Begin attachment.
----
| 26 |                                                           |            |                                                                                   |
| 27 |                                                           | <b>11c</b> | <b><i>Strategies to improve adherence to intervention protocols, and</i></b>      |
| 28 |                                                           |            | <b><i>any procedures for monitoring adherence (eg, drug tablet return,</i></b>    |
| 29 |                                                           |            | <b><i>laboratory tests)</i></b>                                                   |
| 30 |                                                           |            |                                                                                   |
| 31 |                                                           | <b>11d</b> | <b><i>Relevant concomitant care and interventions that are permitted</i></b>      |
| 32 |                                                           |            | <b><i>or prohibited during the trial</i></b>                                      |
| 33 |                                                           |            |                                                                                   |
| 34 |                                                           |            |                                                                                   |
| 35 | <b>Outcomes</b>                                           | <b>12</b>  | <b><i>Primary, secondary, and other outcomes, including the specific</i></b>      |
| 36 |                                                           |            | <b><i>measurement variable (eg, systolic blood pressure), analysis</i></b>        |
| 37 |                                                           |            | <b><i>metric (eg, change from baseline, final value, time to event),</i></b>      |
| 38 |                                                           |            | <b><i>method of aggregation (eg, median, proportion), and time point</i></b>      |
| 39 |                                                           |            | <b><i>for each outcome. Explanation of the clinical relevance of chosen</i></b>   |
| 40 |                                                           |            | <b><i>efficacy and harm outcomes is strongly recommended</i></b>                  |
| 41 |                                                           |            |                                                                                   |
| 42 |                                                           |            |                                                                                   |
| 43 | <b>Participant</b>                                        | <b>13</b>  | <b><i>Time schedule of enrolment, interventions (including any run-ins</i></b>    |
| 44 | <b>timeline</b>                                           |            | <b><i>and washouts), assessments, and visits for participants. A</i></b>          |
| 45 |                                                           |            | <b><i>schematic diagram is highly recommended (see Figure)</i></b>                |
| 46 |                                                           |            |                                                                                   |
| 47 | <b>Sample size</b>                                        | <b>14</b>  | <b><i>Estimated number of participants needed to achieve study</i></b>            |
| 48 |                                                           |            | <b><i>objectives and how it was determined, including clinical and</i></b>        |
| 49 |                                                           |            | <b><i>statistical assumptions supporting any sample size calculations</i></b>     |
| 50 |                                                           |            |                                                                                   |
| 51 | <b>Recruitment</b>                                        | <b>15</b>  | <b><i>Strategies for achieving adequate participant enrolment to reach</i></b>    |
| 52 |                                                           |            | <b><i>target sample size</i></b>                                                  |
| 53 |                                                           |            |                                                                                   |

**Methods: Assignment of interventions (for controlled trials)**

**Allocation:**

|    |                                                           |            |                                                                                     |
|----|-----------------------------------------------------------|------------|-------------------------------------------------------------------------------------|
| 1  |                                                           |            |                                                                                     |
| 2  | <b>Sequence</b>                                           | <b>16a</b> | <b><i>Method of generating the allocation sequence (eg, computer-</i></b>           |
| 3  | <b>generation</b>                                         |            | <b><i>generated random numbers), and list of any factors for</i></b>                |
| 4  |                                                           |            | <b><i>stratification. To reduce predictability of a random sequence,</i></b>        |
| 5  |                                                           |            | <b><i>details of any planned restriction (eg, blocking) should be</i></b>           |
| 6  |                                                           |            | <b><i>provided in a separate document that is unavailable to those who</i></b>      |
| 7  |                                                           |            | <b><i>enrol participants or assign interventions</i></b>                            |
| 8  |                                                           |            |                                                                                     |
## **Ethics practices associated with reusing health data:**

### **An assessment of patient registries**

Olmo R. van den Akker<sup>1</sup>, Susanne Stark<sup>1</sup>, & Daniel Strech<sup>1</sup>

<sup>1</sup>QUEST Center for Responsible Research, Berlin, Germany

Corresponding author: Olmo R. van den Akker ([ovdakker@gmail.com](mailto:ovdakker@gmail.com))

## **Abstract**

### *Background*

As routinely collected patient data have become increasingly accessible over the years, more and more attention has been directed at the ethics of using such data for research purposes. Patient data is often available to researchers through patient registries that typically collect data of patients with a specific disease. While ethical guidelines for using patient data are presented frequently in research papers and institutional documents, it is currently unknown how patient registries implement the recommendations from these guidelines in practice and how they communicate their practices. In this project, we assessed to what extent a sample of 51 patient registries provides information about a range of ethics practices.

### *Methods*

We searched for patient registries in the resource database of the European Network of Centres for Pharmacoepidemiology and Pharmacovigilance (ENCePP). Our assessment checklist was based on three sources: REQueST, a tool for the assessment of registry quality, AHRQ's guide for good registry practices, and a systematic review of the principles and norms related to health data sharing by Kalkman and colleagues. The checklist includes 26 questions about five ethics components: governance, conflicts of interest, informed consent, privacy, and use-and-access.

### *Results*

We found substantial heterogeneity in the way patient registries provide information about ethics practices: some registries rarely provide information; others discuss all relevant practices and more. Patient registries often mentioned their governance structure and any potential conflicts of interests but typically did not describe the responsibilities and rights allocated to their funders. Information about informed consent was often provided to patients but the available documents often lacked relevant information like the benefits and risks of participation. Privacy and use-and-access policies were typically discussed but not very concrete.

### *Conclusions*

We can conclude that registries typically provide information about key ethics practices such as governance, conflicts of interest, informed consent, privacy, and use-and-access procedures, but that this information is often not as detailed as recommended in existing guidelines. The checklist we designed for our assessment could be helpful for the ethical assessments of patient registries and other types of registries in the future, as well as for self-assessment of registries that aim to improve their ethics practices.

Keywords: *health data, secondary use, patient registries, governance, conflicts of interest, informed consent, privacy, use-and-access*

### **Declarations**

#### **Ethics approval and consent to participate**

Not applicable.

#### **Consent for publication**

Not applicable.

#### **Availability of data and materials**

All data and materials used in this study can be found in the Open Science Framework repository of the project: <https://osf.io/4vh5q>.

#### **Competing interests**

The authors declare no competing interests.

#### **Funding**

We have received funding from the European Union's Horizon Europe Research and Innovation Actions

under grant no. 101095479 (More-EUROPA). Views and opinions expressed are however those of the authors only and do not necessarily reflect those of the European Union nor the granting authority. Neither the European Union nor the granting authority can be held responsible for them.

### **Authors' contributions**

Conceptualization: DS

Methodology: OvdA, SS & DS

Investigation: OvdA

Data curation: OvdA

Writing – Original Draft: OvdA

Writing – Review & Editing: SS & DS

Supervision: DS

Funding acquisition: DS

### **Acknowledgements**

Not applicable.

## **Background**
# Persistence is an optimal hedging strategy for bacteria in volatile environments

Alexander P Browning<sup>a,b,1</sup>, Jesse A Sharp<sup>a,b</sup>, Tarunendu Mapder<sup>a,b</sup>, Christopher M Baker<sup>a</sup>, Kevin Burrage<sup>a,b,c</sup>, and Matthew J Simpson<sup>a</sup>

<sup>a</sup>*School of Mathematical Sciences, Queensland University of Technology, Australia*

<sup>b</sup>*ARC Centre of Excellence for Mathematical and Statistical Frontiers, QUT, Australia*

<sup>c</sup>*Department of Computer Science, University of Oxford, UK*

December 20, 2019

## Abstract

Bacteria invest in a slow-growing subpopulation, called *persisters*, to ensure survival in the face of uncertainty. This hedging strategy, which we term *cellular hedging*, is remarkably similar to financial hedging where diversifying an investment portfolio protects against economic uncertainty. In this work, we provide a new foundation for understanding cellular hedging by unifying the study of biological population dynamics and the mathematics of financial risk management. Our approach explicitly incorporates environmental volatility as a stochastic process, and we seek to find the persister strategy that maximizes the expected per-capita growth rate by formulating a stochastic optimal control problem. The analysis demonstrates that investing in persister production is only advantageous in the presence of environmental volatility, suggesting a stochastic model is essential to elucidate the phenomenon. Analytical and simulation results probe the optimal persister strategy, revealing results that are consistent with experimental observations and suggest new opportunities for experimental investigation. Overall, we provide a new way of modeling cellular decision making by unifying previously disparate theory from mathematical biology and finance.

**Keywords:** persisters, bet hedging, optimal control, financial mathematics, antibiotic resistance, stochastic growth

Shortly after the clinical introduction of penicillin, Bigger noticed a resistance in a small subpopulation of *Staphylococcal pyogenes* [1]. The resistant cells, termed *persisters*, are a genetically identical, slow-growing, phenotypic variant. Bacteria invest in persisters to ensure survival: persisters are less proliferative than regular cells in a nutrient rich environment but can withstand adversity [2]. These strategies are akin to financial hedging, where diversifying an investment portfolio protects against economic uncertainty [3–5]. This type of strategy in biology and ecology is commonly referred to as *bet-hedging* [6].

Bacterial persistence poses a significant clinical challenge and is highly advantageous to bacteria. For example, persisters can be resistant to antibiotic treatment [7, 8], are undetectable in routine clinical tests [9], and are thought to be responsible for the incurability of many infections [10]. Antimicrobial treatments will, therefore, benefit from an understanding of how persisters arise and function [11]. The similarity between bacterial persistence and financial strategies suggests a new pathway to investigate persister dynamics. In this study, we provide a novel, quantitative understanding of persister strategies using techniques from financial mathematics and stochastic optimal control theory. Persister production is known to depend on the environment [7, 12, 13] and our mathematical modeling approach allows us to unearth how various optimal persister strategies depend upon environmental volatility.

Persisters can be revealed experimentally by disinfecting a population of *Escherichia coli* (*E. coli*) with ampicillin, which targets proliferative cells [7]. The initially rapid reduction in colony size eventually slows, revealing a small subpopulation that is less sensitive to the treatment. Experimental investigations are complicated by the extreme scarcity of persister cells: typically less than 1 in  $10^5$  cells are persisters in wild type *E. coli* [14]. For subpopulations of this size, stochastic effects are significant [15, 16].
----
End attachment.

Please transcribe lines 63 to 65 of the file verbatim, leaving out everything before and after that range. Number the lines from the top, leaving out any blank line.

#### **Competing interests**

The authors declare no competing interests.

#### **Funding**